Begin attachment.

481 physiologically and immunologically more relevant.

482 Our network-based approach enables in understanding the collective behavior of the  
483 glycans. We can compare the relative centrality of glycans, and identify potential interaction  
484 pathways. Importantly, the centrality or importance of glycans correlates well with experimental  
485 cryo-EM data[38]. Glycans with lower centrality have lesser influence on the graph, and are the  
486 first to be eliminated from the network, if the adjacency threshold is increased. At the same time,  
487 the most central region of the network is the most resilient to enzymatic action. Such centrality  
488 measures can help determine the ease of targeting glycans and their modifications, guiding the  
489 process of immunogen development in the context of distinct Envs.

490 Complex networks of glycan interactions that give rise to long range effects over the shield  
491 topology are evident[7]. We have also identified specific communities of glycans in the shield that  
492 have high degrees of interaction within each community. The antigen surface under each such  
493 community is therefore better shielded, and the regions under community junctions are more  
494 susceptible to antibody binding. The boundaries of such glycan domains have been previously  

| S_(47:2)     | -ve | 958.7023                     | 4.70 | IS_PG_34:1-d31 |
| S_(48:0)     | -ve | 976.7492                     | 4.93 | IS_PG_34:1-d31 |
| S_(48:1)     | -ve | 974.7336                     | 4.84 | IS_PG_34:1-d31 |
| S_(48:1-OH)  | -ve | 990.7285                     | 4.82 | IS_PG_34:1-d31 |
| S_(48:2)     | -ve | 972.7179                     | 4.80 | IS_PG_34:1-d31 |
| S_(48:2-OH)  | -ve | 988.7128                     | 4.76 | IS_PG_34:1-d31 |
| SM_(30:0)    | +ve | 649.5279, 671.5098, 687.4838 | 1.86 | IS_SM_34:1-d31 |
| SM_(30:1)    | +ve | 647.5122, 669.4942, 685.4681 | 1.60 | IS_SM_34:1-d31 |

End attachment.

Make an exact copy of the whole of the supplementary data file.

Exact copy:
481 physiologically and immunologically more relevant.

482 Our network-based approach enables in understanding the collective behavior of the  
483 glycans. We can compare the relative centrality of glycans, and identify potential interaction  
484 pathways. Importantly, the centrality or importance of glycans correlates well with experimental  
485 cryo-EM data[38]. Glycans with lower centrality have lesser influence on the graph, and are the  
486 first to be eliminated from the network, if the adjacency threshold is increased. At the same time,  
487 the most central region of the network is the most resilient to enzymatic action. Such centrality  
488 measures can help determine the ease of targeting glycans and their modifications, guiding the  
489 process of immunogen development in the context of distinct Envs.

490 Complex networks of glycan interactions that give rise to long range effects over the shield  
491 topology are evident[7]. We have also identified specific communities of glycans in the shield that  
492 have high degrees of interaction within each community. The antigen surface under each such  
493 community is therefore better shielded, and the regions under community junctions are more  
494 susceptible to antibody binding. The boundaries of such glycan domains have been previously  

| S_(47:2)     | -ve | 958.7023                     | 4.70 | IS_PG_34:1-d31 |
| S_(48:0)     | -ve | 976.7492                     | 4.93 | IS_PG_34:1-d31 |
| S_(48:1)     | -ve | 974.7336                     | 4.84 | IS_PG_34:1-d31 |
| S_(48:1-OH)  | -ve | 990.7285                     | 4.82 | IS_PG_34:1-d31 |
| S_(48:2)     | -ve | 972.7179                     | 4.80 | IS_PG_34:1-d31 |
| S_(48:2-OH)  | -ve | 988.7128                     | 4.76 | IS_PG_34:1-d31 |
| SM_(30:0)    | +ve | 649.5279, 671.5098, 687.4838 | 1.86 | IS_SM_34:1-d31 |
| SM_(30:1)    | +ve | 647.5122, 669.4942, 685.4681 | 1.60 | IS_SM_34:1-d31 |